CONCLUSION:

The application of a DVR connected to a wind-turbine-driven DFIG to allow uninterruptible fault ride-through of grid voltage faults is investigated. The DVR can compensate the faulty line voltage, while the DFIG wind turbine can continue its nominal operation and fulfill any grid code requirement without the need for additional protection methods. The DVR can be used to protect already installed wind turbines that do not provide sufficient fault ride-through behavior or to protect any distributed load in a microgrid. Simulation results for a 2 MW wind turbine under an asymmetrical two-phase grid fault show the effectiveness of the proposed technique in comparison to the low-voltage ridethrough of the DFIG using a crowbar where continuous reactive power production is problematic. Measurement results under transient grid voltage dips on a 22 kW laboratory setup are presented to verify the results.

REFERENCES:

[1] M. Tsili and S. Papathanassiou, “A review of grid code technical requirements for wind farms,” Renewable Power Generat., IET, vol. 3, no. 3, pp. 308–332, Sep. 2009.

[2] R. Pena, J. Clare, and G. Asher, “Doubly fed induction generator using back-to-back pwm converters and its application to variable-speed windenergy generation,” Electr. Power Appl., IEE Proc., vol. 143, no. 3, pp. 231–241, May 1996.

[3] S.Muller,M.Deicke, andR.DeDoncker, “Doubly fed induction generator systems for wind turbines,” IEEE Ind. Appl.Mag., vol. 8, no. 3, pp. 26–33, May/Jun. 2002.

[4] J. Lopez, E. Gubia, P. Sanchis, X. Roboam, and L. Marroyo, “Wind turbines based on doubly fed induction generator under asymmetrical voltage dips,” IEEE Trans. Energy Convers., vol. 23, no. 1, pp. 321–330, Mar. 2008.

[5] M. Mohseni, S. Islam, and M. Masoum, “Impacts of symmetrical and asymmetrical voltage sags on dfig-based wind turbines considering phaseangle jump, voltage recovery, and sag parameters,” IEEE Trans. Power Electron., to be published.

Single- and Two-Stage Inverter-Based Grid Connected Photovoltaic Power Plants With Ride-Through Capability Under Grid Faults

IEEE TRANSACTIONS ON SUSTAINABLE ENERGY, VOL. 6, NO. 3, JULY 2015

 ABSTRACT Grid-connected distributed generation sources interfaced with voltage source inverters (VSIs) need to be disconnected from the grid under: 1) excessive dc-link voltage; 2) excessive ac currents; and 3) loss of grid-voltage synchronization. In this paper, the control of single and two stage grid-connected VSIs in photovoltaic (PV) power plants is developed to address the issue of inverter disconnecting under various grid faults. Inverter control incorporates reactive power support in the case of voltage sags based on the grid codes’ (GCs) requirements to ride-through the faults and support the grid voltages. A case study of a 1-MW system simulated in MATLAB/Simulink software is used to illustrate the proposed control. Problems that may occur during grid faults along with associated remedies are discussed. The results presented illustrate the capability of the system to ride-through different types of grid faults.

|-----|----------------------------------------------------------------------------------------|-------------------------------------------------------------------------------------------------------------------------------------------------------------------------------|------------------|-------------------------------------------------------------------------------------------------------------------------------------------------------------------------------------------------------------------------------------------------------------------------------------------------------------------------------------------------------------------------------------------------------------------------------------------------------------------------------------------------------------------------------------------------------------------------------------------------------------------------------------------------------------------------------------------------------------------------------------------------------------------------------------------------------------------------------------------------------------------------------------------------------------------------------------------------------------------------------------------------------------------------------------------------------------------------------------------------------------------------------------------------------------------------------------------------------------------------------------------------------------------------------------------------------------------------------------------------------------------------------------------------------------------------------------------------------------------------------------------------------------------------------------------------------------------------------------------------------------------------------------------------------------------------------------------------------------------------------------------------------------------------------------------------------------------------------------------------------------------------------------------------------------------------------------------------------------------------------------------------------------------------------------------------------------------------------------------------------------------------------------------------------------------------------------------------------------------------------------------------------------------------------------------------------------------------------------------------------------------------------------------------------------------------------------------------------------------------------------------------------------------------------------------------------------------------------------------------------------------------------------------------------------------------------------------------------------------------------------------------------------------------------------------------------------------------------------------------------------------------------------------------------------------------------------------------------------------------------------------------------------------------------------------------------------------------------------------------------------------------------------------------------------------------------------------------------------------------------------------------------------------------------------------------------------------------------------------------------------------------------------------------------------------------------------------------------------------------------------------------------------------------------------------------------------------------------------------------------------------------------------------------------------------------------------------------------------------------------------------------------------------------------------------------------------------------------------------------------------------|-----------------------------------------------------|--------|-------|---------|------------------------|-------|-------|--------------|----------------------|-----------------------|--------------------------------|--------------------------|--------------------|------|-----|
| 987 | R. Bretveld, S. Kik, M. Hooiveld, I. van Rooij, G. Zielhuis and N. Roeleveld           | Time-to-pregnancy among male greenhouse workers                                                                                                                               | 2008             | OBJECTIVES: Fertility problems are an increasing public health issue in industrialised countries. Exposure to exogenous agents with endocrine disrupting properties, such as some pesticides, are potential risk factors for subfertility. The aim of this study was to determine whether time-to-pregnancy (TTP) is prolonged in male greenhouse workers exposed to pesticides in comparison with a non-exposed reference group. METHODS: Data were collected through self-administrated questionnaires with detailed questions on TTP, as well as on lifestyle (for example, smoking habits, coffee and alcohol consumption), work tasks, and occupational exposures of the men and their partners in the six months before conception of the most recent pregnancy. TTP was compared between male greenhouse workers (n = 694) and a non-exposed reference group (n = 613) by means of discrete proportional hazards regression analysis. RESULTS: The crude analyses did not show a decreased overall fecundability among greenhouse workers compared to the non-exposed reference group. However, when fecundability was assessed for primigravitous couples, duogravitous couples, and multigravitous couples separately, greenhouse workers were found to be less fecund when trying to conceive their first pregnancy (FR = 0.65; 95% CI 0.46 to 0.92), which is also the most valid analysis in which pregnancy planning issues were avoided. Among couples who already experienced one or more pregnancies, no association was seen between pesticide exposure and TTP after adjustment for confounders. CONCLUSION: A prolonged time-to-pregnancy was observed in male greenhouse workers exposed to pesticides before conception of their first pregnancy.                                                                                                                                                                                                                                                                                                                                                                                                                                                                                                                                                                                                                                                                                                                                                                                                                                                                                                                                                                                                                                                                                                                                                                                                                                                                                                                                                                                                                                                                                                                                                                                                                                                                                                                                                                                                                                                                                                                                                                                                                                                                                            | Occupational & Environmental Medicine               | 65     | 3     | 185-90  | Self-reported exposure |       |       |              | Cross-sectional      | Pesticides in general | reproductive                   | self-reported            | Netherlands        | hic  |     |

KEYWORDS:

  1. DC–DC converter
  2. Fault-ride-through
  3. Photovoltaic (PV) systems
  4. Power system faults
  5. Reactive power support
  6. single and two stage inverter

 

SOFTWARE: MATLAB/SIMULINK

 

BLOCK DIAGRAM:

single and two stage inverter

Fig. 1. Diagram of a single-stage GCPPP

 single and two stage inverter

Fig. 2. Diagram of the two-stage conversion-based GCPPP

 

EXPECTED SIMULATION RESULTS:

Fig. 3. Short-circuiting the PV panels: (a) grid voltages; (b) grid currents; and (c) dc-link voltage when applying a 60% SLG voltage sag at MV side of the transformer.

Fig. 4. Short-circuiting the PV panels: (a) overall generated power; (b) injected active power; and (c) reactive power to the grid.

Fig. 5. Turning the dc–dc converter switch ON: (a) grid voltages; (b) grid currents; and (c) dc-link voltage when applying a 60% SLG voltage sag at the MV side.

Fig. 6. Control of the dc–dc converter to produce less power under voltage sag: (a) grid voltages; (b) grid currents; (c) dc-link voltage; (d) input voltage of the dc–dc converter; (e) estimated duty cycle; and (f) actual duty cycle under a 3LG with 45% voltage sag at MV side.

Fig. 7. Control of the dc–dc converter to produce less power under voltage sag: (a) grid voltages under a 3LG with 45% voltage sag at MV side; (b) related grid currents for G = 300 W/m2; and (c) related dc-link voltage; (d) grid voltages under an SLG with 65% voltage sag at theMV side; (e) related grid currents for G = 1000 W/m2; (f) related dc-link voltage; (g) related grid currents under G = 300 W/m2; and (h) related dc-link voltage.”

single and two stage inverter

CONCLUSION

Performance requirements of GCPPPs under fault conditions for single and two stage grid-connected inverters have been addressed in this paper. Some modifications have been proposed for controllers to make the GCPPP ride-through compatible to any type of faults according to the GCs. These modifications include applying current limiters and controlling the dc-link voltage by different methods. It is concluded that for the single-stage configuration, the dc-link voltage is naturally limited and therefore, the GCPPP is self-protected, whereas in the two-stage configuration it is not. Three methods have been proposed for the two-stage configuration to make the GCPPP able to withstand any type of faults according to the GCs without being disconnected. The first two methods are based on not generating any power from the PV arrays during the voltage sags, whereas the third method changes the power point of the PV arrays to inject less power into the grid compared with the prefault condition. The validity of all the proposed methods to ride-through voltage sags has been demonstrated by multiple case studies performed by simulations.

 

REFERENCES

  1. Trilla et al., “Modeling and validation of DFIG 3-MW wind turbine using field test data of balanced and unbalanced voltage sags,” IEEE Trans. Sustain. Energy, vol. 2, no. 4, pp. 509–519, Oct. 2011.
  2. Popat, B. Wu, and N. Zargari, “Fault ride-through capability of cascaded current-source converter-based offshore wind farm,” IEEE Trans. Sustain. Energy, vol. 4, no. 2, pp. 314–323, Apr. 2013.
  3. Marinopoulos et al., “Grid integration aspects of large solar PV installations: LVRT capability and reactive power/voltage support requirements,” in Proc. IEEE Trondheim Power Tech, Jun. 2011, pp. 1–8.
  4. Islam, A. Al-Durra, S. M. Muyeen, and J. Tamura, “Low voltage ride through capability enhancement of grid connected large scale photovoltaic system,” in Proc. 37th Annu. Conf. IEEE Ind. Electron. Soc. (IECON), Nov. 2011, pp. 884–889.